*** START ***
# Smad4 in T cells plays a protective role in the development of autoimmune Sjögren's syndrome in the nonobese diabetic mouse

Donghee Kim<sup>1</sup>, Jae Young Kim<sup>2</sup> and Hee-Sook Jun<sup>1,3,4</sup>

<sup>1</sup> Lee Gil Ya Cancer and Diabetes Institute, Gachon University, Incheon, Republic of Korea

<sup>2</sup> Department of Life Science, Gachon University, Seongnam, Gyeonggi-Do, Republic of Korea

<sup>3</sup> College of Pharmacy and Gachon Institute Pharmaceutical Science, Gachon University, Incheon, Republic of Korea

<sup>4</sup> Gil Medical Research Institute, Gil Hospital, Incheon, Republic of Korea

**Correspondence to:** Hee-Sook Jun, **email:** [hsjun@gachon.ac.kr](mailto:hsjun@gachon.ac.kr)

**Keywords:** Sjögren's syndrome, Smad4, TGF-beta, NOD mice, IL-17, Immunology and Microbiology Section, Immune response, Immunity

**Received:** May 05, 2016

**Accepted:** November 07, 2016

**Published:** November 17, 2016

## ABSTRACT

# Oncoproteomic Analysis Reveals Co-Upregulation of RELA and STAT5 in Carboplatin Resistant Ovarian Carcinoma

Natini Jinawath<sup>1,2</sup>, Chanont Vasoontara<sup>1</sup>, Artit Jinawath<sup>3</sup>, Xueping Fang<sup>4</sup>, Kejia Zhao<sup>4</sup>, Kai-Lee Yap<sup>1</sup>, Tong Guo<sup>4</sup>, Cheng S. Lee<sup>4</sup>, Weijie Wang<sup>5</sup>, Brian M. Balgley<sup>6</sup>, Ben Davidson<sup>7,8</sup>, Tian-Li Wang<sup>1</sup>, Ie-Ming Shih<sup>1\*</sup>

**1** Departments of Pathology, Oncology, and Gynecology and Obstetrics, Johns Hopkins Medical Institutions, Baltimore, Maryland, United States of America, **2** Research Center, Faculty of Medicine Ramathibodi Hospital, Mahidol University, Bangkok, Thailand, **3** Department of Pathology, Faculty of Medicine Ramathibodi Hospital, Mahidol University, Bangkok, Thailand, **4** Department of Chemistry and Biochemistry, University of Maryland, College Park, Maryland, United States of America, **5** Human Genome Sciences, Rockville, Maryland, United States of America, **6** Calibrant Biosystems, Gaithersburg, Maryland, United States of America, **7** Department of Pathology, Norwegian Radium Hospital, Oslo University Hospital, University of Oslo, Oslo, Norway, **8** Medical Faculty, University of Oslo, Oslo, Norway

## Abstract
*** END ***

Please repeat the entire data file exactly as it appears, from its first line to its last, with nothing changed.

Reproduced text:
# Smad4 in T cells plays a protective role in the development of autoimmune Sjögren's syndrome in the nonobese diabetic mouse

Donghee Kim<sup>1</sup>, Jae Young Kim<sup>2</sup> and Hee-Sook Jun<sup>1,3,4</sup>

<sup>1</sup> Lee Gil Ya Cancer and Diabetes Institute, Gachon University, Incheon, Republic of Korea

<sup>2</sup> Department of Life Science, Gachon University, Seongnam, Gyeonggi-Do, Republic of Korea

<sup>3</sup> College of Pharmacy and Gachon Institute Pharmaceutical Science, Gachon University, Incheon, Republic of Korea

<sup>4</sup> Gil Medical Research Institute, Gil Hospital, Incheon, Republic of Korea

**Correspondence to:** Hee-Sook Jun, **email:** [hsjun@gachon.ac.kr](mailto:hsjun@gachon.ac.kr)

**Keywords:** Sjögren's syndrome, Smad4, TGF-beta, NOD mice, IL-17, Immunology and Microbiology Section, Immune response, Immunity

**Received:** May 05, 2016

**Accepted:** November 07, 2016

**Published:** November 17, 2016

## ABSTRACT

# Oncoproteomic Analysis Reveals Co-Upregulation of RELA and STAT5 in Carboplatin Resistant Ovarian Carcinoma

Natini Jinawath<sup>1,2</sup>, Chanont Vasoontara<sup>1</sup>, Artit Jinawath<sup>3</sup>, Xueping Fang<sup>4</sup>, Kejia Zhao<sup>4</sup>, Kai-Lee Yap<sup>1</sup>, Tong Guo<sup>4</sup>, Cheng S. Lee<sup>4</sup>, Weijie Wang<sup>5</sup>, Brian M. Balgley<sup>6</sup>, Ben Davidson<sup>7,8</sup>, Tian-Li Wang<sup>1</sup>, Ie-Ming Shih<sup>1\*</sup>

**1** Departments of Pathology, Oncology, and Gynecology and Obstetrics, Johns Hopkins Medical Institutions, Baltimore, Maryland, United States of America, **2** Research Center, Faculty of Medicine Ramathibodi Hospital, Mahidol University, Bangkok, Thailand, **3** Department of Pathology, Faculty of Medicine Ramathibodi Hospital, Mahidol University, Bangkok, Thailand, **4** Department of Chemistry and Biochemistry, University of Maryland, College Park, Maryland, United States of America, **5** Human Genome Sciences, Rockville, Maryland, United States of America, **6** Calibrant Biosystems, Gaithersburg, Maryland, United States of America, **7** Department of Pathology, Norwegian Radium Hospital, Oslo University Hospital, University of Oslo, Oslo, Norway, **8** Medical Faculty, University of Oslo, Oslo, Norway

## Abstract